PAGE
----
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Modular Tent (2. Porch, Quick Shelter): Best UL Solo Tarp

Scramble's G-Mod 35 (Winter Kit Test 2018)

Scramble's G-Mod 35 & 38 Ultralight Solo Tarps


To understand how we arrived at the (hooped) bivvy + tarp setup, please read our companion post "Reasons To Go Modular".

As always, we're looking at the Scramble G-Mod 35 and G-Mod 38 from the point of view of long distance trekking over tough terrain. Note: These tarps are identical except the 38 is slightly larger than the 35 and thus a fraction heavier too. We think the G-Mod 38 is ideally proportioned, but did most of our testing with the G-Mod 35.

Test subject: Height: 5ft 8"
Test item: G-Mod 35 (Betas & Final)
Kit Tests: Winter, Summer (multiple)
Disclaimer: The G-Mod tarp series are partly manufactured by Scramble. We made them because we weren't happy with existing offerings (as outlined below). So this is less of a review and more an outline of a product. Clearly we think they're the best, otherwise we wouldn't have gone to the trouble of developing them.


G-MOD 35 & 38 TARPS  
Main Fabric: 20D Silicone Coated 360T Ripstop Nylon -
Attachment Points: 420D PU Coated Ripstop Cordura (Number = ) 8
Attachment Loops: Dyneema/Polyester Cord + High Retraction Elasticated Cord (Corners Only) 8 x 1.5mm / 4 x 3mm
Hydrostatic Head: 8,000mm
G-MOD 35  
Dimensions: Length x Width (Coverage) 205 x 170 cm (3.49 sqm)
Tarp Weight (measured): Tarp + Tarp Bag ~224g + 6g = ~230g
G-MOD 38  
Dimensions: Length x Width (Coverage) 210 x 180 cm (3.78 sqm)
Tarp Weight (measured): Tarp + Tarp Bag ~274g + 6g = ~280g
DAC NSL Pole Dimensions (3 sections, Total Height x Width): 123cm x 0.9cm
DAC NSL Pole Total Weight (measured, 3 sections + ends + arch connector): 83g
Fixings: Cordage, Clips, Line-Loks (Total Weight = ) 21g
Scramble's G-Mod 35 (Development) Bargain 30% off on SYSTEM £37.80
Scramble's G-Mod 35 & 38 (Final) - Introductory Price on SYSTEM £54.00
DAC NSL Pole (3 Sections) - Scramble's Price on SYSTEM £21.95

Available on SYSTEM


Scramble Review




The G-Mod 35 and G-Mod 38 tarps were developed to fulfill two primary purposes:

  1. As an adjunct to a hooped bivvy, an extended "tent porch", providing better than average headroom (100cm) for cooking under, getting changed, and packing / unpacking your gear when it's bucketing down. The G-Mod 35/38 also allows the hooped bivvy to fully vent, reducing the condensation associated with single-skinned shelters, as well as providing protection for all the stuff you can't fit or don't want inside your hooped bivvy.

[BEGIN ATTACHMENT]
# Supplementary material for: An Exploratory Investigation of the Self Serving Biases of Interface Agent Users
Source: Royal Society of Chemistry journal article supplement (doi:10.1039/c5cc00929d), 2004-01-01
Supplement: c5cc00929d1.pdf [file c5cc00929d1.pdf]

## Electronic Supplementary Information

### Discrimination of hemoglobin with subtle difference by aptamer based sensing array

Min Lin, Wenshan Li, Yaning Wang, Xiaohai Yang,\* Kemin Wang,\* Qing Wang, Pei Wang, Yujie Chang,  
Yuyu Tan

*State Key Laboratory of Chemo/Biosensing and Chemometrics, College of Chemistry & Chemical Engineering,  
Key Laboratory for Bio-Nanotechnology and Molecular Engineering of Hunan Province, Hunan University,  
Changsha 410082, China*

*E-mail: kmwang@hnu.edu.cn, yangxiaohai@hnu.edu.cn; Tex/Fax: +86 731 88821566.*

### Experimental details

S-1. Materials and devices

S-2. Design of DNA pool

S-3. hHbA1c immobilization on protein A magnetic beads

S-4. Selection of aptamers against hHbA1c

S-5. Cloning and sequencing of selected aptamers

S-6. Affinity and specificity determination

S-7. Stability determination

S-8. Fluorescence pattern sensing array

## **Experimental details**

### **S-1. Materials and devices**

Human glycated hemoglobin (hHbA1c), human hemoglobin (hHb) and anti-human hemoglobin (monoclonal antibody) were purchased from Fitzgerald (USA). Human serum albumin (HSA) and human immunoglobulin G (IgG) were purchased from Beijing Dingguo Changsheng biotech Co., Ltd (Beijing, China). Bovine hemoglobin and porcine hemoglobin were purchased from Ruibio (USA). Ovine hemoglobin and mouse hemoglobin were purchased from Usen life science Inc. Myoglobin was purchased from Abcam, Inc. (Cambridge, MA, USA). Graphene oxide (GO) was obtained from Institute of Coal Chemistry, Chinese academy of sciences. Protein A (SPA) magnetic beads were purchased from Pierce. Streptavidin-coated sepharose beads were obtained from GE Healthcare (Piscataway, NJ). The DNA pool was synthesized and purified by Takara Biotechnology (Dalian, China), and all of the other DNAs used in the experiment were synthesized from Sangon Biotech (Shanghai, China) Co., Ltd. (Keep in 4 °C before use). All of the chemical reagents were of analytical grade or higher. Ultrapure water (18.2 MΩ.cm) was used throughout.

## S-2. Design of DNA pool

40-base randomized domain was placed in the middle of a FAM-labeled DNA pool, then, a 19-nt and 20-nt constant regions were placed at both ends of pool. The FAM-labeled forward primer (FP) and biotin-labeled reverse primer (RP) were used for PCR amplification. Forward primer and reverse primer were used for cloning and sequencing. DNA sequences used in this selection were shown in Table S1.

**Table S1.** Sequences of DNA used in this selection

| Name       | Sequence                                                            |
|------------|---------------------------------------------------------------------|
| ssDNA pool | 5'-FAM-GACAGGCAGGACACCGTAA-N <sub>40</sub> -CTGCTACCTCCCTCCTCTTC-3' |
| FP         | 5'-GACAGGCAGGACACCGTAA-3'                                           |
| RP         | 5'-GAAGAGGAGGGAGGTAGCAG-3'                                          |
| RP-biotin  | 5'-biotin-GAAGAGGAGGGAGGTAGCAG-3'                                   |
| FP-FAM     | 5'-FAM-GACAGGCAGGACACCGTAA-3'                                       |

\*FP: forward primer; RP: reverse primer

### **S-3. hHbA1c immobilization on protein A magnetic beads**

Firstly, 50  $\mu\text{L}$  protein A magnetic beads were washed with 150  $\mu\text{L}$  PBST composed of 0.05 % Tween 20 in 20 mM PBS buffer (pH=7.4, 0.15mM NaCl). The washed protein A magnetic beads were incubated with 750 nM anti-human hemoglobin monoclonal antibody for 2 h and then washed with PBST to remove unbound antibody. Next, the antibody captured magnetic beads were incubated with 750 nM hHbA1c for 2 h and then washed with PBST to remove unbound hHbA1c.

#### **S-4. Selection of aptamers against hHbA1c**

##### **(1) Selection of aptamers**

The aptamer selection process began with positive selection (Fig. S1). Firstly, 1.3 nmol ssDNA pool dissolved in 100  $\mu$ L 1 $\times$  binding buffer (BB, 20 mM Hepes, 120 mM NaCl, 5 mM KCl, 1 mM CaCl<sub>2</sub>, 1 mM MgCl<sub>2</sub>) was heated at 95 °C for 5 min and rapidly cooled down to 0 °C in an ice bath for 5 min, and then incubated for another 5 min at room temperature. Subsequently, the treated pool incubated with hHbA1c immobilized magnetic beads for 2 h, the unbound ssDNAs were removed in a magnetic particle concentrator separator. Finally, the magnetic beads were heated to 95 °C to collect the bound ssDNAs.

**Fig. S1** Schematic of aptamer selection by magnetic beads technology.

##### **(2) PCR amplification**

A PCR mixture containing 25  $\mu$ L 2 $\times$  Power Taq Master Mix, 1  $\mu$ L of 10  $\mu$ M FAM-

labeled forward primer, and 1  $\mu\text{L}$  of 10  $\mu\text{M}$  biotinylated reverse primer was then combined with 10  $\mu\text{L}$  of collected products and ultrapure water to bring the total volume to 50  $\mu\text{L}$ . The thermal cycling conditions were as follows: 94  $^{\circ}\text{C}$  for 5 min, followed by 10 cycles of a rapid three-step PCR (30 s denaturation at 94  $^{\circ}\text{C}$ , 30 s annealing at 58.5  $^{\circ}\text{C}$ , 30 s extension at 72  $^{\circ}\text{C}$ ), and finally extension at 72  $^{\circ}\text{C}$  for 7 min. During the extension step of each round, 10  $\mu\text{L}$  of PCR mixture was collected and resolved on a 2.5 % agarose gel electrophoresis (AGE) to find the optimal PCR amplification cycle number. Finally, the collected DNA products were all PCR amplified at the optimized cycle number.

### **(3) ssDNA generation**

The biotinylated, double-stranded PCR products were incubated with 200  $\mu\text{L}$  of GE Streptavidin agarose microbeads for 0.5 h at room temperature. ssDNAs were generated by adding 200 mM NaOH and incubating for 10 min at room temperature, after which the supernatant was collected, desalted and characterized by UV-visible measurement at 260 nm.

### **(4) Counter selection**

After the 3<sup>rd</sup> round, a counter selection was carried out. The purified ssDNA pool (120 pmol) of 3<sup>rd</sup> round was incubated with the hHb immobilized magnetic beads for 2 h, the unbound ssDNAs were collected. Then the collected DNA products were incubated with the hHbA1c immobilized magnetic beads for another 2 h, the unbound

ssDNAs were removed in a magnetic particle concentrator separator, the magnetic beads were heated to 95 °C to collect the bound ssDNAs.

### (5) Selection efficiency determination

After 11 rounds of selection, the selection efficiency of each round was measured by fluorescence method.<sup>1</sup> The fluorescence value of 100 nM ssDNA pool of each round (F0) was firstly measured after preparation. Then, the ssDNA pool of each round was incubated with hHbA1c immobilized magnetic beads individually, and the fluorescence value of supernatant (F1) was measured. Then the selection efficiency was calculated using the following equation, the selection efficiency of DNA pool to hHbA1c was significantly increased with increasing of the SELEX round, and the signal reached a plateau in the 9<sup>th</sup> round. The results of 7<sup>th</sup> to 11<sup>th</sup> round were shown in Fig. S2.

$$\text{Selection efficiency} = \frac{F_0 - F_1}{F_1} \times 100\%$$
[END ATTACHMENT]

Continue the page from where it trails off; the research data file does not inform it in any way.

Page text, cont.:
2. As a quick shelter for short breaks in poor conditions during the day.

The G-Mod 35 and 38 are minimalist ultralight tarps, designed to be setup quickly in harsh conditions with minimal fuss. If you enjoy outdoor origami; flirting with myriad tarp configurations then there are many heavier options out there with numerous attachment points to play with. However, we designed the G-Mod tarps for people like us, who sleep on the ground (not in hammocks) and who want something functionally proportioned, that packs down small and is extremely light yet tough enough to deal with the worst mother nature likes to hurl at us.

Scramble's G-Mod 35 in porch mode over Macpac's Bush CocoonScramble's G-Mod 35 in porch mode over Macpac's Bush Cocoon

For those that like to push the ultralight envelope, there's no reason they can't be used with a bivvy bag, as illustrated in the product images below. But for those that like their bivvy bags (which we do for shorter duration ventures) we've developed the G-Mod 55 (which, due to its larger coverage, allows 2 sides to be completely sealed to the ground, offering more protection from "horizontal" rain).

Dimensions: Sit Up Straight ... Or Not

In "Reasons To Go Modular" we pointed out that outdoor manufacturers of ultralight tarps have either tended to hedge their bets and make a single product for both bivvy and hammock users (two distinctly different use-cases) or have somehow missed the glaringly obvious - that bivvies are waterproof! We assume and hope it's the former.

Ultralight solo tarps tend to be too narrow and unnecessarily long for bivvy useA hedged bet? Alpkit's Rig 3.5 (image copyright Alpkit)

For some unknown reason this guy (above right) needs double-glazed water proofing. Bivvy users should, assuming their tarp is well designed, only need waterproof protection from about the waist upward at most (for hammock users it's different; they need the full cover). All that unnecessary length comes at a cost: width.

These solo tarps tend to be too narrow for anything other than being horizontal. If you want to sit upright and actually do stuff while sheltered, good luck. We're not picking on Alpkit (they make fine tarps - just to a specification that we don't understand), Rab's Sil Tarp 1 has very similar dimensions, being only 10cm wider.

Looking at the picture above, simply imagine driving wind and rain. Now imagine the person getting out of their bivvy, getting changed, kneeling and packing up all their gear. It may be okay for sleeping under, but not much else.

Below we've illustrated the point using two traditional tarp setups, the A-Frame and the Lean-To. First let's look at what it means to sit upright under an A-Framed tarp with a variety of widths.

G-MOD 35Width becomes an important factor if one wants to sit (click on the image to the right of centre to compare)Click on the image to enlarge, then click to right of centre to compare